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United States Department of Agriculture

Agricultural Research Service

Research Project: CRITICAL FLUIDS FOR PROCESSING AGRIMATERIALS

Location: Functional Foods Research Unit

Title: Critical fluids for lipid processing

Authors
item Eller, Fred
item Taylor, Scott
item Teel, Jeffrey

Submitted to: Annual Meeting and Expo of the American Oil Chemists' Society
Publication Type: Abstract Only
Publication Acceptance Date: May 3, 2009
Publication Date: May 3, 2009
Citation: Eller, F.J., Taylor, S.L., Teel, J.A. 2009. Critical fluids for lipid processing [abstract]. Annual Meeting and Expo of the American Oil Chemists' Society. p. 120.

Technical Abstract: A lipase interesterification of soybean oil triacylglycerides with ethyl ferulate to produce feruloylated acylglycerols has been described and patented. These feruloylated acylglycerols, termed SoyScreen™, are believed to have potential as natural sunscreens and as antioxidants for the cosmetic and food industry. Critical fluid technology has been used in several ways to improve this lipid processing method. Liquid carbon dioxide (L-CO2) has been used to purify the SoyScreen™ product from the reaction mixture. Both by-product fatty acid ethyl esters (FAMEs) and unreacted ethyl ferulate are separated from the reaction mixture using a counter-current fractionation method. A method utilizing supercritical carbon dioxide in conjunction with a silica column was also used to purify the ethyl ferulate used in this reaction to provide a nearly snow-white product. After it was determined that partially deacylated sunflower oil had some advantages over soybean oil as a starting material, a continuous counter-current fractionation L-CO2 method was developed to remove by-product fatty acid propyl esters from the propanolysis reaction mixture. Critical fluid technology is being used to enhance the synthesis of SoyScreen™ by cycling CO2 through a bed of Novozyme 435 containing triacylglycerides and ethyl ferulate. In this process, CO2 removes FAMEs from the reaction mixture and precipitates them in a reduced pressure receiver before recycling the CO2.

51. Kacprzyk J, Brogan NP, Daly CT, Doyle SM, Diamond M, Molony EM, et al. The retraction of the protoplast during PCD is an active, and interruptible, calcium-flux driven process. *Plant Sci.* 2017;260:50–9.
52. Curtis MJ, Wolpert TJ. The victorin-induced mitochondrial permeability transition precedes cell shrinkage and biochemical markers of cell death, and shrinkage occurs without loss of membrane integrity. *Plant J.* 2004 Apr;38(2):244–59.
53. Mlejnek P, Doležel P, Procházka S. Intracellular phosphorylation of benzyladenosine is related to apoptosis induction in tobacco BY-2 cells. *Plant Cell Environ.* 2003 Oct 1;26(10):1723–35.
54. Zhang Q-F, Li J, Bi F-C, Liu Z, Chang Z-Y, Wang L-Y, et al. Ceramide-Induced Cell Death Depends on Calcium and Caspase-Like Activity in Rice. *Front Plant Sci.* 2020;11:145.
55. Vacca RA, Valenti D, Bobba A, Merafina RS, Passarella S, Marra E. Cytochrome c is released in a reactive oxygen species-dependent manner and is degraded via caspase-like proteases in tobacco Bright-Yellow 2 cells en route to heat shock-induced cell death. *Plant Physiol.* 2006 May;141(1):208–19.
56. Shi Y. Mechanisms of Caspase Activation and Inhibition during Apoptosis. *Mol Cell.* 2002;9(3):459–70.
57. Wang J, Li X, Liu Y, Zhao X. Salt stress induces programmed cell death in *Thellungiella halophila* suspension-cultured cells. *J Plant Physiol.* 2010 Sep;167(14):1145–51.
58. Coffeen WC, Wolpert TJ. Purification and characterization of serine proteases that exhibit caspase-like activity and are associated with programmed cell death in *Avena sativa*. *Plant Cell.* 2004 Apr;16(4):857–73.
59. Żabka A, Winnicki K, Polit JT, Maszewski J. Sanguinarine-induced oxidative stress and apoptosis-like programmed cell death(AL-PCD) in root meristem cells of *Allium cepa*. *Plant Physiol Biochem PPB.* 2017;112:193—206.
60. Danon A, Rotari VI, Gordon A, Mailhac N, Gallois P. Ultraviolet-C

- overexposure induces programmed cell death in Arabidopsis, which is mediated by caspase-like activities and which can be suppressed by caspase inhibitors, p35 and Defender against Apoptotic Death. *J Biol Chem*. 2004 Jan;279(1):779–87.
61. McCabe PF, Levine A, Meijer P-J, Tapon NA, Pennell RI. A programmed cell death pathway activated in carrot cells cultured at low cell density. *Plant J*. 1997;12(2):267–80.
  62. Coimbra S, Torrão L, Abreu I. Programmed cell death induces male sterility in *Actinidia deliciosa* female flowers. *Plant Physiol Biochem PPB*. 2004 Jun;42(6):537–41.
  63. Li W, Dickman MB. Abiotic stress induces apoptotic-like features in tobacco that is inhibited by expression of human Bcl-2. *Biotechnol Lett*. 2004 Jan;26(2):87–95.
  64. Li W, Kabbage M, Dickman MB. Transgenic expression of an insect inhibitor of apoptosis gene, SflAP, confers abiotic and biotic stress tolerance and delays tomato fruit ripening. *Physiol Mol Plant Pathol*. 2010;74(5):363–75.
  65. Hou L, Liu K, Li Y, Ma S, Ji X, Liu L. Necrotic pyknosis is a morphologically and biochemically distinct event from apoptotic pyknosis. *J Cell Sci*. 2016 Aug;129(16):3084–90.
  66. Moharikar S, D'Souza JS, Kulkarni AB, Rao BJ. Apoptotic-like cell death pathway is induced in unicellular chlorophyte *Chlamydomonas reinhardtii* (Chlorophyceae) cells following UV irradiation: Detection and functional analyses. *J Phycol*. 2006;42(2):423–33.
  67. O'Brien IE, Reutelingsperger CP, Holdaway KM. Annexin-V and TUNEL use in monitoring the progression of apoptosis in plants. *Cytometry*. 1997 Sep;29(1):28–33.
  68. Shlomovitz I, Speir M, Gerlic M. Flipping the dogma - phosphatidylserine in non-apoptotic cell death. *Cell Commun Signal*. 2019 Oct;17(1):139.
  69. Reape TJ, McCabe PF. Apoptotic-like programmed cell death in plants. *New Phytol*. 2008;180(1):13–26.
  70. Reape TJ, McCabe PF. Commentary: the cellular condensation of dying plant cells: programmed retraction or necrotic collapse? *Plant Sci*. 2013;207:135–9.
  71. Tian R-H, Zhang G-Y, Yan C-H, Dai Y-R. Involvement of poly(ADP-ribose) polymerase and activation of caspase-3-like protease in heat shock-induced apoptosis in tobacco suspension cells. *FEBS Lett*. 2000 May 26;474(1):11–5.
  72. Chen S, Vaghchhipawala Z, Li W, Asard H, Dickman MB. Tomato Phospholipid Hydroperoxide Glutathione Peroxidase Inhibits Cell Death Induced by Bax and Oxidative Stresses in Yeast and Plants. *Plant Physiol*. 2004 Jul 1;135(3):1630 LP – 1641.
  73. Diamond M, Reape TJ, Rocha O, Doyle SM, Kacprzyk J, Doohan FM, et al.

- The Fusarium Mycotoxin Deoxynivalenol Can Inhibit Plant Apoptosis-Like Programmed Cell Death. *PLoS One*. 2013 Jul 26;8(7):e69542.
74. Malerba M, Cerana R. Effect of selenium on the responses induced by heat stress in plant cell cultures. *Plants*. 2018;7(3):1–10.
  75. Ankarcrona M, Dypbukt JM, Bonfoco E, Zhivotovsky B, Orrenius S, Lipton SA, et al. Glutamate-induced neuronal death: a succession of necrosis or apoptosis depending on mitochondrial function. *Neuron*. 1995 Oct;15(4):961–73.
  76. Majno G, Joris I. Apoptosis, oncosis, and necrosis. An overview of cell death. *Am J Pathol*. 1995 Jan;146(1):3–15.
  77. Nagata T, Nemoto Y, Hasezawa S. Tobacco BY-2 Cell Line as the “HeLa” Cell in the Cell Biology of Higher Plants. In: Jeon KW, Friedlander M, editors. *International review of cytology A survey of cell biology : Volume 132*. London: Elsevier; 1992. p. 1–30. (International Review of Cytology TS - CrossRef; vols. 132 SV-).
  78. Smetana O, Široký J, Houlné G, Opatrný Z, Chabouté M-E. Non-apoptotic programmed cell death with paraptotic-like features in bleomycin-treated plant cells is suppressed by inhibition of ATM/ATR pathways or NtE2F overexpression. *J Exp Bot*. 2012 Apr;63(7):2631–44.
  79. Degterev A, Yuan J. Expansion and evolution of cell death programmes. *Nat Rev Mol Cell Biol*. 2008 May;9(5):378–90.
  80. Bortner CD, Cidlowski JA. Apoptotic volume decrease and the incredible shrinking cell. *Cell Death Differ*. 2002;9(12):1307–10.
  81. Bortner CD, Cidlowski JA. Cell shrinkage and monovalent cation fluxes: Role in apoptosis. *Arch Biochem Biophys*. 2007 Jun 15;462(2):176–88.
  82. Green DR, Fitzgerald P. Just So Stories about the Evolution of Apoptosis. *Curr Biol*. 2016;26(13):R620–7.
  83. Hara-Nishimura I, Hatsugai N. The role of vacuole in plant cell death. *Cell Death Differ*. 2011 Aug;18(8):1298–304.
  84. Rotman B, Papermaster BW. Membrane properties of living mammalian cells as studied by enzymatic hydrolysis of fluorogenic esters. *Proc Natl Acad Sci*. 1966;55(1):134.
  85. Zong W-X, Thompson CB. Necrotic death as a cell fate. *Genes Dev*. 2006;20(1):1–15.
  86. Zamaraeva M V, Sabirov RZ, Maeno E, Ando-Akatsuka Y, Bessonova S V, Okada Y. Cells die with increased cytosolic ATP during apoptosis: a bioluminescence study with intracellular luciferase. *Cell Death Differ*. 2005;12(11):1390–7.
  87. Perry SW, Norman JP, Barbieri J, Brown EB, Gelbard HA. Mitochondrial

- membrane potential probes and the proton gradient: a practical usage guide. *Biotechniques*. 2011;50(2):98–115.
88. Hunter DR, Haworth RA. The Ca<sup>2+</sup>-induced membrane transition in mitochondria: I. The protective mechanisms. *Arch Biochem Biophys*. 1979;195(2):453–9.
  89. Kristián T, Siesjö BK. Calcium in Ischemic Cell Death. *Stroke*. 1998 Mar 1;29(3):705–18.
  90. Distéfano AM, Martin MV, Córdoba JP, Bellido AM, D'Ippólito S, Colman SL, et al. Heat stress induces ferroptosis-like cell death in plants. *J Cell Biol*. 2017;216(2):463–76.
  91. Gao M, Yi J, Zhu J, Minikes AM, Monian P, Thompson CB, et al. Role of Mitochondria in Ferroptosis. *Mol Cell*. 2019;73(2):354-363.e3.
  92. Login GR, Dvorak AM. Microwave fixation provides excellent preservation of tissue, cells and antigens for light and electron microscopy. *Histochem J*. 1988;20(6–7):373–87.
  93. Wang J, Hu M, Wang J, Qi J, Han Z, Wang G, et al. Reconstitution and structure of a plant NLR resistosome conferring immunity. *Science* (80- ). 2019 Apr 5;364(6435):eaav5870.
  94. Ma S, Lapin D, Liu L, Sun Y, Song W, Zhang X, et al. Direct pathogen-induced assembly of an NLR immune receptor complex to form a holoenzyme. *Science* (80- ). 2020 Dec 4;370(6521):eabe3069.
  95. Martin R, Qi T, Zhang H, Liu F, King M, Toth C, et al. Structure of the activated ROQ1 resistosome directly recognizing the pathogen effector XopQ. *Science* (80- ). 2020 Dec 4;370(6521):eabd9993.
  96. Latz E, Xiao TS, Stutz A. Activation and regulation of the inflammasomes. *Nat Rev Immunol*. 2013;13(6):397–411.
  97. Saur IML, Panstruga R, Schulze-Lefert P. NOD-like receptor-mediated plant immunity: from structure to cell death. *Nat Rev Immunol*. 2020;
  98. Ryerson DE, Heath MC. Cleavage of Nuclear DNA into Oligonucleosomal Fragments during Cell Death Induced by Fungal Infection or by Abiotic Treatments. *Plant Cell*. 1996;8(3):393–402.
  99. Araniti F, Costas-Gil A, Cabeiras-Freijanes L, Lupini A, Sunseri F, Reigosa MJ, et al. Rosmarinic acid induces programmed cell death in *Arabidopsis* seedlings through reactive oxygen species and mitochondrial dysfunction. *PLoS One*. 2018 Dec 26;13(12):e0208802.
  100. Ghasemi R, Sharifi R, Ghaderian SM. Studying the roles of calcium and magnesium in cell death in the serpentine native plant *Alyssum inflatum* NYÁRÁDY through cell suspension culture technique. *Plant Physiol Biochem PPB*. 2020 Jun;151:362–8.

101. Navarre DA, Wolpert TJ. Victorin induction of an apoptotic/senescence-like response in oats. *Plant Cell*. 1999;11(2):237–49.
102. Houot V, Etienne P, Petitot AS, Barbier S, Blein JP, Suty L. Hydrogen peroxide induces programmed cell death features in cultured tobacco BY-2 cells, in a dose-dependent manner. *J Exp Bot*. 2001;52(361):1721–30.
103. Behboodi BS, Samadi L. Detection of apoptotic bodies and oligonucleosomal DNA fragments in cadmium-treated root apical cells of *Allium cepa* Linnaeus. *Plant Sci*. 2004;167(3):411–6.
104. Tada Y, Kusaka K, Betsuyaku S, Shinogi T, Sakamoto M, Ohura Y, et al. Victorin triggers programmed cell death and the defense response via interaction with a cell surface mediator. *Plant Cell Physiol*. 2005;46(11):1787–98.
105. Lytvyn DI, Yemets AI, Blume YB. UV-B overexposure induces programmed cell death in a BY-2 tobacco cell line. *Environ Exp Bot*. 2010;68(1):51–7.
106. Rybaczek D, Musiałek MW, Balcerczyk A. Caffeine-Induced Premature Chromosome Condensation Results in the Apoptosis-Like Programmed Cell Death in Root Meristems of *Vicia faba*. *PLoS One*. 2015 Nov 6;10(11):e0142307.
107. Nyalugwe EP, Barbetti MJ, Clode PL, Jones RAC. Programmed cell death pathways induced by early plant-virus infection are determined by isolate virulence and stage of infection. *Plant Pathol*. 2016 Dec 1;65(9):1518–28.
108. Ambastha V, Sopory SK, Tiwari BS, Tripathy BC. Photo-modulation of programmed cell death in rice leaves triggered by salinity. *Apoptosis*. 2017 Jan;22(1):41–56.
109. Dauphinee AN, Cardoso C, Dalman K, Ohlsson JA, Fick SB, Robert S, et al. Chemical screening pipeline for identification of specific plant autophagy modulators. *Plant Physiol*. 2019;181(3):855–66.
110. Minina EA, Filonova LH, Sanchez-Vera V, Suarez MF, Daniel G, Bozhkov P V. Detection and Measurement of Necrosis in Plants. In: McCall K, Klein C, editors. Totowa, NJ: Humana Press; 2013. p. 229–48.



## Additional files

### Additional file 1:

Last Modified: 4/25/2014
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